Why being angry at the powerful is ok and why activism and trolling aren't the same thing.
Thanks for this. Really interesting.
On Lord Andy and the Big Mac. If what you describe is the case, then I can understand the frustration and it’s reasonable to voice it.
It made me wonder what the British musical scene would look like if they had never been around. It’s quite possible that a greater variety of musicals would have blossomed. Equally I can imagine that, without their successes, musicals would still be regarded as an essentially American form and British musicals relegated to the cultural fringe. I suppose the sheer scale of their success was always going to be a double-edged sword. So I’m still on the fence, not quite ready to see them as the moustache-twiddling villains just yet.
On coolness. I wrote something about this years ago:
I’ve always suspected that the reason that musicals struggle to be cool is more fundamental than a particular dominating style. I think the need to hear the words and understand the story in a musical prevents them from fully embracing fashionable styles of music and words in the way that pop songs can. And there’s also the fact that many musicals take so long to develop that they can never keep up with fashion. So it’s an uphill struggle to make them cool. Personally, I’d settle for self-confident and authentic.
PS, I also loved the Dischord podcasts. Reawakened a long-dormant love for the form (er, medium?). So thank you again. And looking forward to more newsletters.
FYI, Adam--the "Leave a comment" button in the emails always links here, rather than to the relevant post.
i think you are right on the money in your observations that Lloyd Webber and Mackintosh have posioned the musical waters for several generations of creatives.
As a student in the late 70s, I was keen to write musicals and had the luxary of studying at a University which allowed its students to experiment in a well equiped studio theatre. I was fortunate to meet and collaborate on a couple of shows with a really gifted composer and together we wrote a piece based on a book of photographs. No linear narrative, no story - we didn't know what we were doing but it defiently wasn't anything like a Lloyd Webber show. After graduating we found ourselves trying to make shows which fitted the Lloyd Webber/Mackintosh mould - we failed and haven't written anything together for decades - I think mainly because neither us were inspired to create anything that fitted the prevailing musical zeitgeist and having the time and space to make the ideas we did have was not available in the way it was when we were students.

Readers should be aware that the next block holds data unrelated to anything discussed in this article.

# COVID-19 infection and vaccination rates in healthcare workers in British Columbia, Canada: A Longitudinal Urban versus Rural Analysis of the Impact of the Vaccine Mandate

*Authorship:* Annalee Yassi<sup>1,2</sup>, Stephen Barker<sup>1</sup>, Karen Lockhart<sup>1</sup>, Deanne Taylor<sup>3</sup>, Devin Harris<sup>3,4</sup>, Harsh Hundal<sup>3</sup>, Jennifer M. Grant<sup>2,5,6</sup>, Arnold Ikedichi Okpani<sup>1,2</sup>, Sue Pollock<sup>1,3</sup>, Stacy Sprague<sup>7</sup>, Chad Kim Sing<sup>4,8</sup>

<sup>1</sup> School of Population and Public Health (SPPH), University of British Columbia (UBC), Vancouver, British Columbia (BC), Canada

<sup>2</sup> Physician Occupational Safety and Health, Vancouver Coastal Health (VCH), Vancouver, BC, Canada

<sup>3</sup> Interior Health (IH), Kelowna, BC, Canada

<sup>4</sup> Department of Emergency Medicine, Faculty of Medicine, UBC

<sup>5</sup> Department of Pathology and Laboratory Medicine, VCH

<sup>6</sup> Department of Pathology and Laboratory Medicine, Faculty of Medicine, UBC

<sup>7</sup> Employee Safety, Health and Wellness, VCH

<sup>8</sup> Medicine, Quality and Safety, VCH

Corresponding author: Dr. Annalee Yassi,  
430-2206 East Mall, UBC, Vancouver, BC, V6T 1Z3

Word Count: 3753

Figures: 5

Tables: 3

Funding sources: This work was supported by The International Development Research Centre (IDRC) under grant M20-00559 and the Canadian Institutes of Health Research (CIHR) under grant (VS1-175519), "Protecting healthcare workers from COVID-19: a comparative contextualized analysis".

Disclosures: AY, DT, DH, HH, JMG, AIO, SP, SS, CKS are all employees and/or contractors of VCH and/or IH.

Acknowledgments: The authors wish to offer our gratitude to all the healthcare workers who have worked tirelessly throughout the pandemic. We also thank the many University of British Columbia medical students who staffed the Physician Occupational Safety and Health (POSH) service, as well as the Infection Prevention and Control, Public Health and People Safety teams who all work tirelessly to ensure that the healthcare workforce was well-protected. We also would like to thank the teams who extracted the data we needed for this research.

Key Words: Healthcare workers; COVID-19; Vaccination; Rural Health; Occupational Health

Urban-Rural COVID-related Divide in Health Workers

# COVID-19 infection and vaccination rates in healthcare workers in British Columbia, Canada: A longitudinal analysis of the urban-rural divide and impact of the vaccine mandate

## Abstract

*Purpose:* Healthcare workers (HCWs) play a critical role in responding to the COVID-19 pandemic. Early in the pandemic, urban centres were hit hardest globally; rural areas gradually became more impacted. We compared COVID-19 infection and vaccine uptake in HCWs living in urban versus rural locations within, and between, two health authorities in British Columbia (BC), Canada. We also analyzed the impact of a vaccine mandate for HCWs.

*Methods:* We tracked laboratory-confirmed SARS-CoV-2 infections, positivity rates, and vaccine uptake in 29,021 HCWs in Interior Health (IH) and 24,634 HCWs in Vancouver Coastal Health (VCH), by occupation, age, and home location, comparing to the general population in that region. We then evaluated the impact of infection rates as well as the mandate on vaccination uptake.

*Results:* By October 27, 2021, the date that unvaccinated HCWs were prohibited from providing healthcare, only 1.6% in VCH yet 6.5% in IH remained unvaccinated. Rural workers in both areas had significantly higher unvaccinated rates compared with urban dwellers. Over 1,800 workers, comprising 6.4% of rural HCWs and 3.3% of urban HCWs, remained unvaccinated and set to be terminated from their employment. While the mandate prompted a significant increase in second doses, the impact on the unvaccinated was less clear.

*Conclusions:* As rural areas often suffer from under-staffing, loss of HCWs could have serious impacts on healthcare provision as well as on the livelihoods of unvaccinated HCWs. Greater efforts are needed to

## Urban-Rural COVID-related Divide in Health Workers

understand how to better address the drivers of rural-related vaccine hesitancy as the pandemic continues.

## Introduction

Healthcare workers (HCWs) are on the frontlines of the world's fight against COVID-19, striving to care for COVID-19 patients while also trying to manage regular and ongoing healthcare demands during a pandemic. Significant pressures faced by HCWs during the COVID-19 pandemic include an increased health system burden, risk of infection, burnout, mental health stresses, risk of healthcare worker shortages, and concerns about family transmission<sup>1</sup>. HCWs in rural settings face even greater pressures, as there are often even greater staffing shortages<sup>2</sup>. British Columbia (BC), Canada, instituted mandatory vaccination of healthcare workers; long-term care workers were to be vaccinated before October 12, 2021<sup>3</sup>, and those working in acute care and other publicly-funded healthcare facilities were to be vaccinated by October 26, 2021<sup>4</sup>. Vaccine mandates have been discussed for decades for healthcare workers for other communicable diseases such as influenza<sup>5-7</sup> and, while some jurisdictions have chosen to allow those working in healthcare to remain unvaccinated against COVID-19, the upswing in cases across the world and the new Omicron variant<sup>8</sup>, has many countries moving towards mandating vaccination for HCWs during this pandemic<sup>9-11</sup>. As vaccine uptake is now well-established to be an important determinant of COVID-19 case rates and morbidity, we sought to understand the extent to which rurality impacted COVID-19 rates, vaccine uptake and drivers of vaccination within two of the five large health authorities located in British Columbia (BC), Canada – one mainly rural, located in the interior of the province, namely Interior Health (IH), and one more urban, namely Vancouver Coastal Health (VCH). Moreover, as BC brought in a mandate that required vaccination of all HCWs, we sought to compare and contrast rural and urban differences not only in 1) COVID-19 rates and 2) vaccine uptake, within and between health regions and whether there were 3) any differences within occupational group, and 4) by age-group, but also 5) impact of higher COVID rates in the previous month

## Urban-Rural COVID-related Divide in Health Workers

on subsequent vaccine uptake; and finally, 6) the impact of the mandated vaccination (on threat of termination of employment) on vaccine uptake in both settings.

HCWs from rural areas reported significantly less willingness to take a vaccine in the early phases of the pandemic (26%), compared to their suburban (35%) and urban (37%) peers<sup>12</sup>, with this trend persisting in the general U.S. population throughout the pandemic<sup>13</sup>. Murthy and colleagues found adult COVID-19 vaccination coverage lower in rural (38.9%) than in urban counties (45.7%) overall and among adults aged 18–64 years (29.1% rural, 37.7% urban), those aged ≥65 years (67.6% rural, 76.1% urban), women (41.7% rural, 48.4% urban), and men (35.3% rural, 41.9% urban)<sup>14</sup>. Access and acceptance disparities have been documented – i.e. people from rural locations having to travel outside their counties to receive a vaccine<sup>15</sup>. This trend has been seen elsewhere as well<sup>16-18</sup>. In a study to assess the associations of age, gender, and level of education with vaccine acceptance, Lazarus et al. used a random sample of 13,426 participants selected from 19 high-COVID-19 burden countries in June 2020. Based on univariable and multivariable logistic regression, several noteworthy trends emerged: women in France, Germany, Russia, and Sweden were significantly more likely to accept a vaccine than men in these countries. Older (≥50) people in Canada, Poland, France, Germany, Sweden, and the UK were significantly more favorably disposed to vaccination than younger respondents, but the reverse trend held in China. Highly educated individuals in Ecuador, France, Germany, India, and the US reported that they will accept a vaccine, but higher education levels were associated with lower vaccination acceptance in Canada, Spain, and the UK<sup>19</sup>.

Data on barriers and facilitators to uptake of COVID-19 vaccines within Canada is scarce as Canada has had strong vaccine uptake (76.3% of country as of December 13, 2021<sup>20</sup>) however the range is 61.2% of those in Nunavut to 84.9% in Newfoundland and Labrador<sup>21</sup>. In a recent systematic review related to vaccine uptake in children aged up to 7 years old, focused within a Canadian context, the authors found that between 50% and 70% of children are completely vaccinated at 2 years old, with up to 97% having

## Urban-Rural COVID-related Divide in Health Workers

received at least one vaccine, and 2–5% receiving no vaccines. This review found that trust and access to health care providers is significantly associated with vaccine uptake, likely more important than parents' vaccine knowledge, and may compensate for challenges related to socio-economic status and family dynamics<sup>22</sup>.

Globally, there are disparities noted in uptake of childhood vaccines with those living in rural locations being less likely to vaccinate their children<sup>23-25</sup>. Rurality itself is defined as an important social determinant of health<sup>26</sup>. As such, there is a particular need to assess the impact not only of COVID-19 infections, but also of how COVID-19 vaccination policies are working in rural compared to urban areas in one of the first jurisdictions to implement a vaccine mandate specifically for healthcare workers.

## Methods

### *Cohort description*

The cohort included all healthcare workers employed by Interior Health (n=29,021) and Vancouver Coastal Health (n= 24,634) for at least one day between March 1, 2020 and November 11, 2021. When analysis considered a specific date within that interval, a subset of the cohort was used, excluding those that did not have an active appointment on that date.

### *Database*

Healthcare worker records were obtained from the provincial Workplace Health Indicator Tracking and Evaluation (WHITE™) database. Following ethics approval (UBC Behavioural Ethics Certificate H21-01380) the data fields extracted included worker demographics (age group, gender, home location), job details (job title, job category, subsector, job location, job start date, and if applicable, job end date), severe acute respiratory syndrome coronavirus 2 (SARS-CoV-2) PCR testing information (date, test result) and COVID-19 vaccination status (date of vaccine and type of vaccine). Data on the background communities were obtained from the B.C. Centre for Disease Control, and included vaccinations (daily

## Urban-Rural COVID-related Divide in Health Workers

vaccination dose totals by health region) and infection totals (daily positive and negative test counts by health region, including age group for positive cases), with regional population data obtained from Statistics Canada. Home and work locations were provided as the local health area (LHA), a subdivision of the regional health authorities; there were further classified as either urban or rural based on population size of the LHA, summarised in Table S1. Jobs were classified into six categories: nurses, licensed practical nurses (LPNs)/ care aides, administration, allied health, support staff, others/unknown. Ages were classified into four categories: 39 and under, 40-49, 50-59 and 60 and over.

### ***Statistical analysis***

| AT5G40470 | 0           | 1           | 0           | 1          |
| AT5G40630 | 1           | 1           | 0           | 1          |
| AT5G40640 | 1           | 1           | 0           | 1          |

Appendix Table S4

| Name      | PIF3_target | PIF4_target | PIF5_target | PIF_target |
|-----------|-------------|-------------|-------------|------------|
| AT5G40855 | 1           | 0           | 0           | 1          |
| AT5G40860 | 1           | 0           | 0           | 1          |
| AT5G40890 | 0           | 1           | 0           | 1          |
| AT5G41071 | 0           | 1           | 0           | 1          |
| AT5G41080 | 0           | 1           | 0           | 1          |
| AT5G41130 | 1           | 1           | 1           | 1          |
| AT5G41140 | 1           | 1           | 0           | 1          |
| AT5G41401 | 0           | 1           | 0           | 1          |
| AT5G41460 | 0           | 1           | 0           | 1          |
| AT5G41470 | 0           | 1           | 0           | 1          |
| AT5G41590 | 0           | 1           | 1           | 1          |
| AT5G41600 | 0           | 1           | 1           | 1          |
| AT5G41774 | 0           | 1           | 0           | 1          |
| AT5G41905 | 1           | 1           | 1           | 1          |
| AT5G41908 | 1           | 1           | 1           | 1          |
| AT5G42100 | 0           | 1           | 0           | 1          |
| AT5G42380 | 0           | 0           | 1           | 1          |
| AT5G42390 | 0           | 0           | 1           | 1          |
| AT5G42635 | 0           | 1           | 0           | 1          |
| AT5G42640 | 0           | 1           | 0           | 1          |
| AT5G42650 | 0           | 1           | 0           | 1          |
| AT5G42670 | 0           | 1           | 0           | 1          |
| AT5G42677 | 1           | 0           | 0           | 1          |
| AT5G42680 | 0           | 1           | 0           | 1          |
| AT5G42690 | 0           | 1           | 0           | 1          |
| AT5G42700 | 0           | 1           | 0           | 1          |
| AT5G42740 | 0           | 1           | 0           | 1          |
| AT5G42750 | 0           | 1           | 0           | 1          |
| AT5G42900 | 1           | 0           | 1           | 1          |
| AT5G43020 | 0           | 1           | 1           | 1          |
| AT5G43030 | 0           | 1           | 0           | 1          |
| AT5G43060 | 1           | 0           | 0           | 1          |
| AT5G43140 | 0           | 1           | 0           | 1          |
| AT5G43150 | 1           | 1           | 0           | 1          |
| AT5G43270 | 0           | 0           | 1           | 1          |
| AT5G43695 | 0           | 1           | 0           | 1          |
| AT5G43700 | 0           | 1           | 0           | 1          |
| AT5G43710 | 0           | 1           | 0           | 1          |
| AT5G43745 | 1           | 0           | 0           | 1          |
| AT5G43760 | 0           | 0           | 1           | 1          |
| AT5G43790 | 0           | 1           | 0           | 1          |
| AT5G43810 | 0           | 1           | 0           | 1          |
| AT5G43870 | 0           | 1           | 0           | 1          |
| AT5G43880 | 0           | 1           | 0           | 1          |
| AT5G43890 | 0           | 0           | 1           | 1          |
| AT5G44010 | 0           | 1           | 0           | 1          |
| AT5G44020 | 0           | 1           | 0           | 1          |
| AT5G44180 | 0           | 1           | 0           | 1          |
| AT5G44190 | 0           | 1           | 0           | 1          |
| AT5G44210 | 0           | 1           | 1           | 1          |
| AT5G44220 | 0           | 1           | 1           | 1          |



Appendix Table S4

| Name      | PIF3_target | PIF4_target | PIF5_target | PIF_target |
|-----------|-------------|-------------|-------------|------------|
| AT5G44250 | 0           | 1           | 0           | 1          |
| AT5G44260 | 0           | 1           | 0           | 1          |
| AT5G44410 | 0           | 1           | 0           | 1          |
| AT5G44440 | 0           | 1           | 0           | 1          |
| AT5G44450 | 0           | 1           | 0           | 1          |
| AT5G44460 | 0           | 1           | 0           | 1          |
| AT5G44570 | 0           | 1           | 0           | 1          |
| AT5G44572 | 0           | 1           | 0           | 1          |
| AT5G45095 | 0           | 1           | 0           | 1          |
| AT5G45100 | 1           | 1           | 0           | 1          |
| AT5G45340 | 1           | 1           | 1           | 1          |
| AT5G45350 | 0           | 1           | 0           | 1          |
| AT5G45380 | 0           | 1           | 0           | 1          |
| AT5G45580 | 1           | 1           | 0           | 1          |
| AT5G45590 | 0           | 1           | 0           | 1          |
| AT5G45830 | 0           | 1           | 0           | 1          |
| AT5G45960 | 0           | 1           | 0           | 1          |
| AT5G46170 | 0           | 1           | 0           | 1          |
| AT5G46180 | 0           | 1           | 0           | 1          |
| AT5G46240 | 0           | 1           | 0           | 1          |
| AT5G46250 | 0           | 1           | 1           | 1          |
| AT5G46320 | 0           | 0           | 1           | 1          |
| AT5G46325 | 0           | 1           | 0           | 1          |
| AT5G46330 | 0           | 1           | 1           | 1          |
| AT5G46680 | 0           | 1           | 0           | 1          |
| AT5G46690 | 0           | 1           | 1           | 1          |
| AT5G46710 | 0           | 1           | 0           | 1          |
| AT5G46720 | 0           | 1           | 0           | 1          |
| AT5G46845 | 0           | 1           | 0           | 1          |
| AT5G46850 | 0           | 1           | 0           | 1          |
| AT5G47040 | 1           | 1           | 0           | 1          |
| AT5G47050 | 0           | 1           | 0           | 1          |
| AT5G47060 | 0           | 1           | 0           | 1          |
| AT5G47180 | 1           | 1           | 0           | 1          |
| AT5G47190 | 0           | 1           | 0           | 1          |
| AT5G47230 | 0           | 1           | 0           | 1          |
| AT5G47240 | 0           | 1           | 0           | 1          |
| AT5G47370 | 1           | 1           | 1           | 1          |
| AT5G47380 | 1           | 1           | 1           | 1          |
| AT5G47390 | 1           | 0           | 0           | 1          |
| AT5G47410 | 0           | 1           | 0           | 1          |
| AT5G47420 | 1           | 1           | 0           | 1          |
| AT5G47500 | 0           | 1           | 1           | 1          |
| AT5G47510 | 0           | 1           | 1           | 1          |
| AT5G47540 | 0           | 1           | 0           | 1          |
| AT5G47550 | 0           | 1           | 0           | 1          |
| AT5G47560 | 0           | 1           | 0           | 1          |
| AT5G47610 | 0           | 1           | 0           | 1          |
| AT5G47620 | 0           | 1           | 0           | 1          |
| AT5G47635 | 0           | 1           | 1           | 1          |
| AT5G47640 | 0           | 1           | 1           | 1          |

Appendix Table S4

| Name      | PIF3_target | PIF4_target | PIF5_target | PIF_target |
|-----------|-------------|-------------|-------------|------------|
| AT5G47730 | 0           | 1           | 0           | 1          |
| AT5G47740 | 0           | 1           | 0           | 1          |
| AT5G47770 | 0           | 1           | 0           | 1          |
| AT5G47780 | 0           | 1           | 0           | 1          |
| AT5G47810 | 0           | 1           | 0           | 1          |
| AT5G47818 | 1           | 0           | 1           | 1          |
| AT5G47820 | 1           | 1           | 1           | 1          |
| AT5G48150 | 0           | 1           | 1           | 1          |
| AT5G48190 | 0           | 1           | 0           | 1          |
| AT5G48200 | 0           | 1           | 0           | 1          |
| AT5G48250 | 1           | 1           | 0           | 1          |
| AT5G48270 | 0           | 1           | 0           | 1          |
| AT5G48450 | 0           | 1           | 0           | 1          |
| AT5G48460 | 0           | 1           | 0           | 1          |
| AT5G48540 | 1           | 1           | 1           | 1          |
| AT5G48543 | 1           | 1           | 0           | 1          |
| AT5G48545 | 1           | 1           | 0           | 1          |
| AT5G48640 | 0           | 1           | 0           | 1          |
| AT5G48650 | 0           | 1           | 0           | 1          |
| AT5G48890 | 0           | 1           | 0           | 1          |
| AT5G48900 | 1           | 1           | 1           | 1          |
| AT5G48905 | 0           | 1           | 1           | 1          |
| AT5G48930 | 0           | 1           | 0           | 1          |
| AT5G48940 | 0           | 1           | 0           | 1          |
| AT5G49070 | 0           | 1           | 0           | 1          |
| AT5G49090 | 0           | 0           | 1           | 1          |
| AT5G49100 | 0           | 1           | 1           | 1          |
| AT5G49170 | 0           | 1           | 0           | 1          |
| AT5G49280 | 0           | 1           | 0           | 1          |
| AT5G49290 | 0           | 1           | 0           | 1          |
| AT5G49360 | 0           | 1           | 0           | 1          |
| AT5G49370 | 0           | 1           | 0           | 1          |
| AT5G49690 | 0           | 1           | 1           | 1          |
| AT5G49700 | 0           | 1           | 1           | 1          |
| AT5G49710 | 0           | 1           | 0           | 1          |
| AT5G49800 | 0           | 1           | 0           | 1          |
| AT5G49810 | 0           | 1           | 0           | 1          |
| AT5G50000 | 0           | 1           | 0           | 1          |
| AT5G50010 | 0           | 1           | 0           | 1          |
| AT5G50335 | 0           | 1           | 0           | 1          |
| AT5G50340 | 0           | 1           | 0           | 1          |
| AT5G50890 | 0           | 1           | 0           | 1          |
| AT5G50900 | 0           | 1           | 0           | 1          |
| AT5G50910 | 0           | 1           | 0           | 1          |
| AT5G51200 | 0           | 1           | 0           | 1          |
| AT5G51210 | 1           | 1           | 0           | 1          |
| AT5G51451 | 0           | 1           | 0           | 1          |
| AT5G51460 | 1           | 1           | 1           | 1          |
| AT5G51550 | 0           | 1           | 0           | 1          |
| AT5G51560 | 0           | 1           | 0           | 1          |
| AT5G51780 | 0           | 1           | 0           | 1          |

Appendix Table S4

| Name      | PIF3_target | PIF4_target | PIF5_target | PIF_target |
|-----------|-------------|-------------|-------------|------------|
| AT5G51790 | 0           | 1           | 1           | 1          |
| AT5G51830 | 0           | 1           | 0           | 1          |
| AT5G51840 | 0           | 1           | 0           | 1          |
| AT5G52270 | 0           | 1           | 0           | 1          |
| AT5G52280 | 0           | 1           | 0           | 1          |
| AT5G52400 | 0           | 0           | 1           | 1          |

This isn't supposed to be a sob story in the "we could have been contenders" way of things - as you say in your book, making a musical is bloody hard work and requires talents which perhaps we didn't have. The point is, the musical world we tried to break into was restricted and limited by the kind of work the two enobled and enriched Lords established and others embraced. It's still a problem and maybe still a deterent - but one that needs to be overcome.
It's great you have been championing a correction to this view for years (loved your Dischord podcasts) and I look forward to reading more from you and hope it's the start of a tide which brings in more diverse, interesting and innovative work on stage large and small, in person and digital.